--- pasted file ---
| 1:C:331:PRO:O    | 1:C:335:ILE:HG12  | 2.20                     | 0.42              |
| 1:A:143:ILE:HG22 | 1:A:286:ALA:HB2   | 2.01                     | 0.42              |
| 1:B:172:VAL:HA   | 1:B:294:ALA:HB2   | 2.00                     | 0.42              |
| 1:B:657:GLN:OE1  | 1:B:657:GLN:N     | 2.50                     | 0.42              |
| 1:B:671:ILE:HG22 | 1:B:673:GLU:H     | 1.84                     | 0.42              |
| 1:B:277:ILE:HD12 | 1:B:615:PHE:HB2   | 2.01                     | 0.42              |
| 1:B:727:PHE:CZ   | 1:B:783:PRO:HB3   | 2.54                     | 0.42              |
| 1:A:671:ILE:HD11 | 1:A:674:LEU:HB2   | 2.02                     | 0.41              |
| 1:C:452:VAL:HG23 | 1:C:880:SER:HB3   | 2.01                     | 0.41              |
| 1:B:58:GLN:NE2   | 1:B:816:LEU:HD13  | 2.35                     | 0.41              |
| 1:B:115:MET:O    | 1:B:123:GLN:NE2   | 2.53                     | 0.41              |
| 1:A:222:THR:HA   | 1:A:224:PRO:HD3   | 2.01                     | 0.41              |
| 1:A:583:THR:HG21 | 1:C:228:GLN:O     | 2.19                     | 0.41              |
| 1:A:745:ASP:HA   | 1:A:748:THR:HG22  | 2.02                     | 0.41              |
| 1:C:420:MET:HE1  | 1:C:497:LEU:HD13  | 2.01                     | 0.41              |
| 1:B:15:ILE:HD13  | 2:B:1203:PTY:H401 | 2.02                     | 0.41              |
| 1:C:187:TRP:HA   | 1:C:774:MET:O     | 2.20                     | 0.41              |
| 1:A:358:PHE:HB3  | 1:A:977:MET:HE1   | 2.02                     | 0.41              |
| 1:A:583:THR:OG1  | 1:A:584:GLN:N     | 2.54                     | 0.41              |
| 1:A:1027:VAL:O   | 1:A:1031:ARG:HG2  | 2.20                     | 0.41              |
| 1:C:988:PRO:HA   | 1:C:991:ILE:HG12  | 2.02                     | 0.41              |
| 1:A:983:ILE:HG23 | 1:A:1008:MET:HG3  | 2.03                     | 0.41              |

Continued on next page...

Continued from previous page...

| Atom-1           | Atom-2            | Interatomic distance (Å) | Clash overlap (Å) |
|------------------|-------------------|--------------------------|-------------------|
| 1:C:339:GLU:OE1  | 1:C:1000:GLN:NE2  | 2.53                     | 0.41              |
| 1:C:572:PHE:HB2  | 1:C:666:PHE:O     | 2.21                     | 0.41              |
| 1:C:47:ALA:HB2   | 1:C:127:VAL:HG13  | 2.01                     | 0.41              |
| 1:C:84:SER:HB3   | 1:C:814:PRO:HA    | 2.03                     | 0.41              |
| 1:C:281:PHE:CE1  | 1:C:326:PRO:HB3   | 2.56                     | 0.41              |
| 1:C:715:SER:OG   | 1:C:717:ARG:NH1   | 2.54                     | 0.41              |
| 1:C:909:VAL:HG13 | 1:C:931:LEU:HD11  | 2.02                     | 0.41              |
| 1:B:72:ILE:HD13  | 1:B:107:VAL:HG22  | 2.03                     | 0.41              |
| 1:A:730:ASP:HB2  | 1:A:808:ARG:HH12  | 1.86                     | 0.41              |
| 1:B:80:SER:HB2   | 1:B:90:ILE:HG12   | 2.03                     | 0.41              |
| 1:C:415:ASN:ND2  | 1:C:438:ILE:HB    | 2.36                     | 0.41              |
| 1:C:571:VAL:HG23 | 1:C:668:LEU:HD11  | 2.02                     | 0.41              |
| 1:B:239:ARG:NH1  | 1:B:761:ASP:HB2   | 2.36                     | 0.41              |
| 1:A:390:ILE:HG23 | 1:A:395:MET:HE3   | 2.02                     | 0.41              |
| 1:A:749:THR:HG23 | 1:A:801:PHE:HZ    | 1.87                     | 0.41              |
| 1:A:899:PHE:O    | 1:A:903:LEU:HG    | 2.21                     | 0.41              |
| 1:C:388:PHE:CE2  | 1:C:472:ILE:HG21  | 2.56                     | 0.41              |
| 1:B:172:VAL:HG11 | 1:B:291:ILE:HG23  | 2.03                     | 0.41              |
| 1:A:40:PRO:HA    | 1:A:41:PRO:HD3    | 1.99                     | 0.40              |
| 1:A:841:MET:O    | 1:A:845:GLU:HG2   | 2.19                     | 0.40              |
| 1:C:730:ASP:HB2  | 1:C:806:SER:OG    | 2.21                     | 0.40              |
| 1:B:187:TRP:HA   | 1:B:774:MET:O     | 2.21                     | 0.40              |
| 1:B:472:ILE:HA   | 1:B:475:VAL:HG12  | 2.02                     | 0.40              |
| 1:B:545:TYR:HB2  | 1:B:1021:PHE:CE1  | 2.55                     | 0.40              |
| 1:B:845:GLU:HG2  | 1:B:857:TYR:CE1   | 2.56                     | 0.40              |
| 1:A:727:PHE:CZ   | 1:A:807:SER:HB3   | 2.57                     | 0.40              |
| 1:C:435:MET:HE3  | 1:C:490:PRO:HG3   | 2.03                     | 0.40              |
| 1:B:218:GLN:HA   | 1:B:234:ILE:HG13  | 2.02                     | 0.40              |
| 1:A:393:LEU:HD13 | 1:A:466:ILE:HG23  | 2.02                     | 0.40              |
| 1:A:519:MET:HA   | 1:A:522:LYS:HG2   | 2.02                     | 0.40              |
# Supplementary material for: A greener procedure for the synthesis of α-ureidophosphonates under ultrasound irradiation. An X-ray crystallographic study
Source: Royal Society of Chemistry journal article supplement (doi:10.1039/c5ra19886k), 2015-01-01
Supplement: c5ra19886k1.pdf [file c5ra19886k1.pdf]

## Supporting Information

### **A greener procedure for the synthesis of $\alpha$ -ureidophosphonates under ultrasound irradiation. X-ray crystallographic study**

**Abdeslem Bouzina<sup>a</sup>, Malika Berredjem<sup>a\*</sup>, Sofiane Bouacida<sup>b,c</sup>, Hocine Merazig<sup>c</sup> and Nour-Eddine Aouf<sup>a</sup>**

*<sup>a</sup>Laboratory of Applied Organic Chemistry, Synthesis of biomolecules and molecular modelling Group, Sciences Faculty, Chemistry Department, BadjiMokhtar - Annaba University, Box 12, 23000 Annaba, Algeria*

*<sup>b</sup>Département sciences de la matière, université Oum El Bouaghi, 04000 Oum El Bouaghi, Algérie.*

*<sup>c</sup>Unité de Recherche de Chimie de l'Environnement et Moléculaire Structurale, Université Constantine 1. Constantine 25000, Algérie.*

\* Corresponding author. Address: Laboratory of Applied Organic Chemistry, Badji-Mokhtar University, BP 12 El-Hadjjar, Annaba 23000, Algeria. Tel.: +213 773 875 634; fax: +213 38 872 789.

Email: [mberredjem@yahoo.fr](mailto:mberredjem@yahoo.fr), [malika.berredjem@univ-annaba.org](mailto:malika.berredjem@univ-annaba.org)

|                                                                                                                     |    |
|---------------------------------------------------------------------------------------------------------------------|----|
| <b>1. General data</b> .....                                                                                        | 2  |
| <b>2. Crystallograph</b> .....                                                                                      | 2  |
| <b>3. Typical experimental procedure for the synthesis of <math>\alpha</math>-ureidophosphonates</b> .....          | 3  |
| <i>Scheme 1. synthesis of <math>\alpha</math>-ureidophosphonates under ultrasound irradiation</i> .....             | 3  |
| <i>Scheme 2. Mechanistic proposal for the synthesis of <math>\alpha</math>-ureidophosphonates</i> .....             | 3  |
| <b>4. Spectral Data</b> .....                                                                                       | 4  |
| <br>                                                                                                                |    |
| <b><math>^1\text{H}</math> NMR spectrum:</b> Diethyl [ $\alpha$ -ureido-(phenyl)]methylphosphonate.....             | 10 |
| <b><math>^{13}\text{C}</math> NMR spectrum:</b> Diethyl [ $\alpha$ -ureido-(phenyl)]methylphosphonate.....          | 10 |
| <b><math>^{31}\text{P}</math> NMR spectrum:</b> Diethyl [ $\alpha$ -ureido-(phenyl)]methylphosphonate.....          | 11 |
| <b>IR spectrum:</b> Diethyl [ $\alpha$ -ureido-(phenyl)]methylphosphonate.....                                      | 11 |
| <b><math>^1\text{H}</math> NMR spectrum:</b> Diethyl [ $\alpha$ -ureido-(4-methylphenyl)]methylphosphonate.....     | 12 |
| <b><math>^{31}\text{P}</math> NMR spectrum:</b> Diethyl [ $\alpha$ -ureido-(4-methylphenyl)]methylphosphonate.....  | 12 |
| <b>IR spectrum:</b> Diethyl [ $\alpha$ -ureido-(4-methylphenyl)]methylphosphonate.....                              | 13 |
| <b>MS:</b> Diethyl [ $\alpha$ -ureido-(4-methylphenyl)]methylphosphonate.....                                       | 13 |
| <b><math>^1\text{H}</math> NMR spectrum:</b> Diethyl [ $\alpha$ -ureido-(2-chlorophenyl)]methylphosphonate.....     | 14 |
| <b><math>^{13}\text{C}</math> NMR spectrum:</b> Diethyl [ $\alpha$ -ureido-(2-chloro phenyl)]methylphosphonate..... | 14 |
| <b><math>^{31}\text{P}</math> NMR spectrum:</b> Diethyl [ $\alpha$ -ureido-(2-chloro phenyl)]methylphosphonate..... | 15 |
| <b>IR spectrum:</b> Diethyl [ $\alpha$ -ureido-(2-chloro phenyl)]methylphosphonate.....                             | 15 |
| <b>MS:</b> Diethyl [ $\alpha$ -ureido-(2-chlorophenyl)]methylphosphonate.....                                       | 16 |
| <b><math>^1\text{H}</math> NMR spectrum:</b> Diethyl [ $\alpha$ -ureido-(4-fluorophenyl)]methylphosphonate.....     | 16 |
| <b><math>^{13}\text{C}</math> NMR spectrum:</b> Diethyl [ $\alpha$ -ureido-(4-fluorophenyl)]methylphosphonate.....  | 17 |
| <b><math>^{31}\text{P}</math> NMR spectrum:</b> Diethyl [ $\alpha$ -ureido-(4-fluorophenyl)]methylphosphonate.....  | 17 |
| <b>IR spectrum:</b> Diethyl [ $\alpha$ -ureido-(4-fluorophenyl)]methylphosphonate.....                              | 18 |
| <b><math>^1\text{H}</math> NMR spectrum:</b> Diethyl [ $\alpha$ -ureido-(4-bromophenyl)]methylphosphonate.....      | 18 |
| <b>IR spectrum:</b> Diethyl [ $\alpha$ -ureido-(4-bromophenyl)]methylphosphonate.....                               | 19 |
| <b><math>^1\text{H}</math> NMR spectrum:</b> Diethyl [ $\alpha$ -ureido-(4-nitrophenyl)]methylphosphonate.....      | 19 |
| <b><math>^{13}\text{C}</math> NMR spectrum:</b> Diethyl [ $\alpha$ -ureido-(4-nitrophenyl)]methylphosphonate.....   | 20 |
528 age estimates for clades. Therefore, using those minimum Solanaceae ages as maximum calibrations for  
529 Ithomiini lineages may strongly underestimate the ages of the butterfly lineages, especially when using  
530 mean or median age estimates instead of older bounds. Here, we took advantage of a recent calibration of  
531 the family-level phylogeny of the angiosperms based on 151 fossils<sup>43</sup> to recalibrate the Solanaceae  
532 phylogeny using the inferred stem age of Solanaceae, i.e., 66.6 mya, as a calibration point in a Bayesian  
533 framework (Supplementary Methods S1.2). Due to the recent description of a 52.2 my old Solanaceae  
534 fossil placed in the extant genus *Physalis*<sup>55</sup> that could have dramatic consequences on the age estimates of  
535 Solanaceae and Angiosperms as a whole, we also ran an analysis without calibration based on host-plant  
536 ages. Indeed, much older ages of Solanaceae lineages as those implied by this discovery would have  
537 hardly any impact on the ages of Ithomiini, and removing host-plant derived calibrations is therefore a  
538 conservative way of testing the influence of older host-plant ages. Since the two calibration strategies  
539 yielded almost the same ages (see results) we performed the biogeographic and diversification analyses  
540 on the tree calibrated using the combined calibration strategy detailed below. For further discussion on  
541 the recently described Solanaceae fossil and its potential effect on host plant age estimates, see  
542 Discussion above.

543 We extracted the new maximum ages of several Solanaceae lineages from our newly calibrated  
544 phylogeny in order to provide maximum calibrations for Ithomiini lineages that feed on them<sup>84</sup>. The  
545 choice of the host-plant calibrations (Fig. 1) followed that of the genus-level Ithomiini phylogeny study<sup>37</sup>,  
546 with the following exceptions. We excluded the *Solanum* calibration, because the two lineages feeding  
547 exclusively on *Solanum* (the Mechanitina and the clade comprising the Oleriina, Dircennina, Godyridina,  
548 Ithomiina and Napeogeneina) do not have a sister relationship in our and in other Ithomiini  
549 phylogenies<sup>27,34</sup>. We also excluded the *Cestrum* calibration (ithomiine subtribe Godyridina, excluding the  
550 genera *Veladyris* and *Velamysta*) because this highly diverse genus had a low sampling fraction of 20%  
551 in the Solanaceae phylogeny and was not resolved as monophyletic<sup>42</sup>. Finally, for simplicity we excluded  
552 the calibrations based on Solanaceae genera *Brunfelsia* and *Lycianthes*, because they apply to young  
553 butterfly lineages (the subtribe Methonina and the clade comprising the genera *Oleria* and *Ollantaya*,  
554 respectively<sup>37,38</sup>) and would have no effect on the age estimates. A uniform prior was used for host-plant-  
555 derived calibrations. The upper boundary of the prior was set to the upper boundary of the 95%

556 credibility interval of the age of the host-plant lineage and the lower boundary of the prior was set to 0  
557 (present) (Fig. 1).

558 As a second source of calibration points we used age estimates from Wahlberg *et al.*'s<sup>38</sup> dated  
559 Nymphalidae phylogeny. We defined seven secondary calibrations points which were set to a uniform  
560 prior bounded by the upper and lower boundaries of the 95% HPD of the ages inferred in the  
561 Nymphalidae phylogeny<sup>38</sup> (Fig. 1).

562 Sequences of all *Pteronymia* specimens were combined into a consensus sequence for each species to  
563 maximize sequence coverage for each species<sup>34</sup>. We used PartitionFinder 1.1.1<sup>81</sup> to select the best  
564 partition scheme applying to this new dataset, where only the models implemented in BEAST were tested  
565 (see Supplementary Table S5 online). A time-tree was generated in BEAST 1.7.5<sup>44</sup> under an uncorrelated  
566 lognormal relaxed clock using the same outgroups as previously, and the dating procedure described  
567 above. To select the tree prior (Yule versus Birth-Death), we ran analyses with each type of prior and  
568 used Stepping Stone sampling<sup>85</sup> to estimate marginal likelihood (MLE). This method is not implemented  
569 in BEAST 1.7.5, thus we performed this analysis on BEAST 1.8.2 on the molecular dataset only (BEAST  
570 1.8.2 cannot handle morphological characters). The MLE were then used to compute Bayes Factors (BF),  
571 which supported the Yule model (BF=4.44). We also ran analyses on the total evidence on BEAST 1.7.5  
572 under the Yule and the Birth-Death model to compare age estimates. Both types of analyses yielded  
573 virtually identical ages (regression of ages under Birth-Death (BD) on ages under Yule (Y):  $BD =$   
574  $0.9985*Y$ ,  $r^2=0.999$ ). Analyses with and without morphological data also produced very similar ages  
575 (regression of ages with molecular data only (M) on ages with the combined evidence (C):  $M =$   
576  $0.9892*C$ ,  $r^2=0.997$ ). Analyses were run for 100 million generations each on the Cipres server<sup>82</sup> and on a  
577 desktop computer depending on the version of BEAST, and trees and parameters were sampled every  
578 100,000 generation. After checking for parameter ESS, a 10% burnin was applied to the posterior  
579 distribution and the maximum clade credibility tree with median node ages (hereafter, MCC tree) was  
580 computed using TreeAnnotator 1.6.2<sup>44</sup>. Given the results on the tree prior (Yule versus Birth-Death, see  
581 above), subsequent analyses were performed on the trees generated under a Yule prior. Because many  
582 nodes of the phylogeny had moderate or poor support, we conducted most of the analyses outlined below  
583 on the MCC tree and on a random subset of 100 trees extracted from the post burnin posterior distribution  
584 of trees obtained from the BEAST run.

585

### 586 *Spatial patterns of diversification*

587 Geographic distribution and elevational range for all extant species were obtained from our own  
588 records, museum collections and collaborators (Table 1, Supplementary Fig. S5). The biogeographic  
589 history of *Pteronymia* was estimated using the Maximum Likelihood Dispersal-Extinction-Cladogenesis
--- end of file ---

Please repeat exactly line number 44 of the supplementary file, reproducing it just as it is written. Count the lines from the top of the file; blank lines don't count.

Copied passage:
| 1:B:172:VAL:HG11 | 1:B:291:ILE:HG23  | 2.03                     | 0.41              |